By Elizabeth Rudd, FutureNous
The combination of an increasing global population and severe weather means a more property damage as more people live in harm’s way. In efforts to reduce the economic and social impacts caused by natural disasters, architects are specialising in building and retrofitting infrastructure and housing to withstand or minimise the damage caused by extreme weather events.
What is changing?
Severe weather, including floods, fires, earthquakes and major storms cause an increasing amount of damage to housing and public infrastructure each year. AON’s (a large global insurer) Impact Forecasting division, specialises in forecasting and tracking weather related events. In the United States, there were 11 weather related disasters with over $1 billion is damages in 2012, in 2011 there were 14 such disasters. 295 natural peril events occurred worldwide in 2012 (compared to 257 in 2011), causing total economic losses of $200 billion. Records show that 2012 ended as the eighth warmest year in world history since global land and ocean temperature records began in 1880.
The United Nations (UN) estimates economic losses from disasters since 2000 to be close to $2.5 trillion USD and warns economic losses from floods, earthquakes and drought will continue to escalate unless action is taken to reduce exposure to disaster risks. The U.N.’s Intergovernmental Panel on Climate Change (IPCC) warns all nations will be vulnerable to expected increases in heat waves, more intense rains and floods and a probable rise in the intensity of droughts. The UN considers extreme weather to be an increasing trend.
Architects and the building and construction industry have an opportunity to assist communities to reduce their exposure to these risks. This can be retrofitting existing infrastructure or building entirely new infrastructure. Need to move a beachfront town due to erosion or rising water levels, need to rebuild after an earthquake or hurricane? There are now a wide variety of specialists, including architects, able to assist. The problem is recognised as being much larger than just individuals raising their house, or building farther back from a water source, it needs to be a coordinated effort to protect everything from harms way.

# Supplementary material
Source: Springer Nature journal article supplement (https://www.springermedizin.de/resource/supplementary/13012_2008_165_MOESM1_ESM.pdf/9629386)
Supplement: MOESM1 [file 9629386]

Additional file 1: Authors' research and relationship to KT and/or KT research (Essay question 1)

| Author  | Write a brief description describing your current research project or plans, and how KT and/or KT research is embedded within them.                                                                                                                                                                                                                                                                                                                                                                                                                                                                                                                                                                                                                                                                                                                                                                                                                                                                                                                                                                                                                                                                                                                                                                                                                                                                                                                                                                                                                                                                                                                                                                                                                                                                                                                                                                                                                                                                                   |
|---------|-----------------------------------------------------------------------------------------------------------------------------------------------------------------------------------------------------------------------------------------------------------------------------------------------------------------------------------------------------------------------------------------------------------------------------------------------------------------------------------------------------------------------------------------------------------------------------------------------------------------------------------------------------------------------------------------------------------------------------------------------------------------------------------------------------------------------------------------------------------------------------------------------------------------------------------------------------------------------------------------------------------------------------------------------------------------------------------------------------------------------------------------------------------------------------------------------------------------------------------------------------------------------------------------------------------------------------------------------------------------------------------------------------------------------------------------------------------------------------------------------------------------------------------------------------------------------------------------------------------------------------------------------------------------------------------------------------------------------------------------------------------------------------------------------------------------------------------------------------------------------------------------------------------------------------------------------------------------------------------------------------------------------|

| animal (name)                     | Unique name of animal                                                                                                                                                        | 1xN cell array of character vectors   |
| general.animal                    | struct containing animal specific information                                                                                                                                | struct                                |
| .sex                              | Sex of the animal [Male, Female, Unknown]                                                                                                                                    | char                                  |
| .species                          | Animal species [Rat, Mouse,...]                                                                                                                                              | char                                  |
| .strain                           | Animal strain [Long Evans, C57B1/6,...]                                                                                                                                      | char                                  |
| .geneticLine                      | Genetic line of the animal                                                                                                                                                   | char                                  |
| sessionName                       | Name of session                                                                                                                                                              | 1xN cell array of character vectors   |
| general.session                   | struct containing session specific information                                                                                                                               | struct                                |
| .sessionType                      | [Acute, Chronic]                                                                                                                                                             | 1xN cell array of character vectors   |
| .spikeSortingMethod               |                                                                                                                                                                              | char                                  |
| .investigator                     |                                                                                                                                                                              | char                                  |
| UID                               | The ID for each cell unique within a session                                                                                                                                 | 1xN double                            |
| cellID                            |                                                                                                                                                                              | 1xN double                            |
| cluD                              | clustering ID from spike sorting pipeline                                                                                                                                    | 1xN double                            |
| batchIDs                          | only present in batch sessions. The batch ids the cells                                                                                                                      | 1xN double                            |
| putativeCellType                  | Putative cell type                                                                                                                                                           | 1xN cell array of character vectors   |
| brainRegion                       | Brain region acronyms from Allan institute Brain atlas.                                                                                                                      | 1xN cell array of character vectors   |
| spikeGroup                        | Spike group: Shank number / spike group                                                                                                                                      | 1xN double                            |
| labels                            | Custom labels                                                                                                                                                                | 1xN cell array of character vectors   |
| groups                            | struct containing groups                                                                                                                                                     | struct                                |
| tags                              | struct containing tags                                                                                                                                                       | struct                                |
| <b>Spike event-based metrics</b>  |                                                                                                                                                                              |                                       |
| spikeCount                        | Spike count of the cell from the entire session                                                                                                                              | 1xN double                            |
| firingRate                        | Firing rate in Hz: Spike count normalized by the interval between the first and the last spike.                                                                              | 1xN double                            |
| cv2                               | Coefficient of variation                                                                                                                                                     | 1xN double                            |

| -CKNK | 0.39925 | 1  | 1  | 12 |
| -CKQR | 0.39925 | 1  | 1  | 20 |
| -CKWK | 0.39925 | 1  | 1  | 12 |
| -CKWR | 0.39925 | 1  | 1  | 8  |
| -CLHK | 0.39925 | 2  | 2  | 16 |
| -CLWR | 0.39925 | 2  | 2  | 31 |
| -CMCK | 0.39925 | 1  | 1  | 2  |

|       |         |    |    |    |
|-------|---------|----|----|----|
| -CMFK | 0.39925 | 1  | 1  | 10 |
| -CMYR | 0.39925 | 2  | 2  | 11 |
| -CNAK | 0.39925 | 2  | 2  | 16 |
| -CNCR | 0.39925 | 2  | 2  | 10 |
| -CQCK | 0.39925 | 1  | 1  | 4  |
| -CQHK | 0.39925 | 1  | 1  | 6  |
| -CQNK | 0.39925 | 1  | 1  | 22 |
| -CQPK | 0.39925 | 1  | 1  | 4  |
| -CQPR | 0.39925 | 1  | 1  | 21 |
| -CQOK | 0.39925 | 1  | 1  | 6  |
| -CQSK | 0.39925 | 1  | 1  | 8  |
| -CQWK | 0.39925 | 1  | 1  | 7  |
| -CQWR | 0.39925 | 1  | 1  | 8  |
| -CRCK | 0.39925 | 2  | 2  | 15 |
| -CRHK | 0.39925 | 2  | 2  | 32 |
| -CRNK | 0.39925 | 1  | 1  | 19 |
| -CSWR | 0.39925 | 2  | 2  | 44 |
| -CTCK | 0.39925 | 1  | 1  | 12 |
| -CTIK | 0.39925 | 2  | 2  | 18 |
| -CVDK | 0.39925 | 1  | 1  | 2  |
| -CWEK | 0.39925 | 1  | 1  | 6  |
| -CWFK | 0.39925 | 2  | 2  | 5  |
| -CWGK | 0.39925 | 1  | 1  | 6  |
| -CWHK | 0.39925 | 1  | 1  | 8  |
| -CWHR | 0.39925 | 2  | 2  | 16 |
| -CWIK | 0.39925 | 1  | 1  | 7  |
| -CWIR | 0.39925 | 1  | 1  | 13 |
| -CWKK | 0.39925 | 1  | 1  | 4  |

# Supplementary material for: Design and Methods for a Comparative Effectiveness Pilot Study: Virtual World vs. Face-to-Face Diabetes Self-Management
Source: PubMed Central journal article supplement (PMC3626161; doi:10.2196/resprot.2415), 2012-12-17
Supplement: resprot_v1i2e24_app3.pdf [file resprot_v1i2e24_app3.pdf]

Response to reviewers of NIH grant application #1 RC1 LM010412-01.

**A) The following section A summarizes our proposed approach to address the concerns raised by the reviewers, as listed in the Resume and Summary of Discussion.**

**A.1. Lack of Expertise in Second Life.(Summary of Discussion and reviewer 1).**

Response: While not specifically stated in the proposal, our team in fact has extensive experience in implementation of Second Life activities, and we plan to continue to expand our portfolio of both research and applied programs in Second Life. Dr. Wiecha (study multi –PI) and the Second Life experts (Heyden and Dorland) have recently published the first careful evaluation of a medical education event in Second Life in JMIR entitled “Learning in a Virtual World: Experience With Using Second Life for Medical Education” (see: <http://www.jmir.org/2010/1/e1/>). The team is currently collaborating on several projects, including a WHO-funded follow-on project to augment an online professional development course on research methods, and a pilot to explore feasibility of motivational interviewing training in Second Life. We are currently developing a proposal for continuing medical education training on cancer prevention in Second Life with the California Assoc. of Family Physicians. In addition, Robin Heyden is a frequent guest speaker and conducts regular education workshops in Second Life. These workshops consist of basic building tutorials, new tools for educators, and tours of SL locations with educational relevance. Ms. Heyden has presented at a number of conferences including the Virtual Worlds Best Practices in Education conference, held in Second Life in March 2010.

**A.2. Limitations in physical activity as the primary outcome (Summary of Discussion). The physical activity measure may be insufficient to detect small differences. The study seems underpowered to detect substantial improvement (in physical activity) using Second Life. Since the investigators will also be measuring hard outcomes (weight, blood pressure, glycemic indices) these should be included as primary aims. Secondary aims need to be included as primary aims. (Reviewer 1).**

Lately there is a notable increase in the number of design competitions focused on urban reconstruction to mitigate the impact of climate change. With titles like “Rebuild by Design,” “Designing Recovery,” and 3C Competition (Comprehensive Coastal Communities) the competitions tackle challenges such as how to raise the level of an entire coastal community by 8-10 feet, or design housing for storm prone areas.
Why is this important?
The insurance industry has been warning for some time of the growing cost of weather related damage. Large non government organisations have also been raising awareness. Yet little has been done to change existing infrastructure or change existing building practices without first experiencing the impact of a natural disaster.
In 2011, the US announced it would work to make the US a “weather ready” nation. If the US alone begins to reduce the risk to its population and infrastructure from weather related disasters the level of investment could be substantial.
Based on global forecasts of geographies with vulnerable populations this new and rapidly growing specialty in architecture and building could be a major opportunity.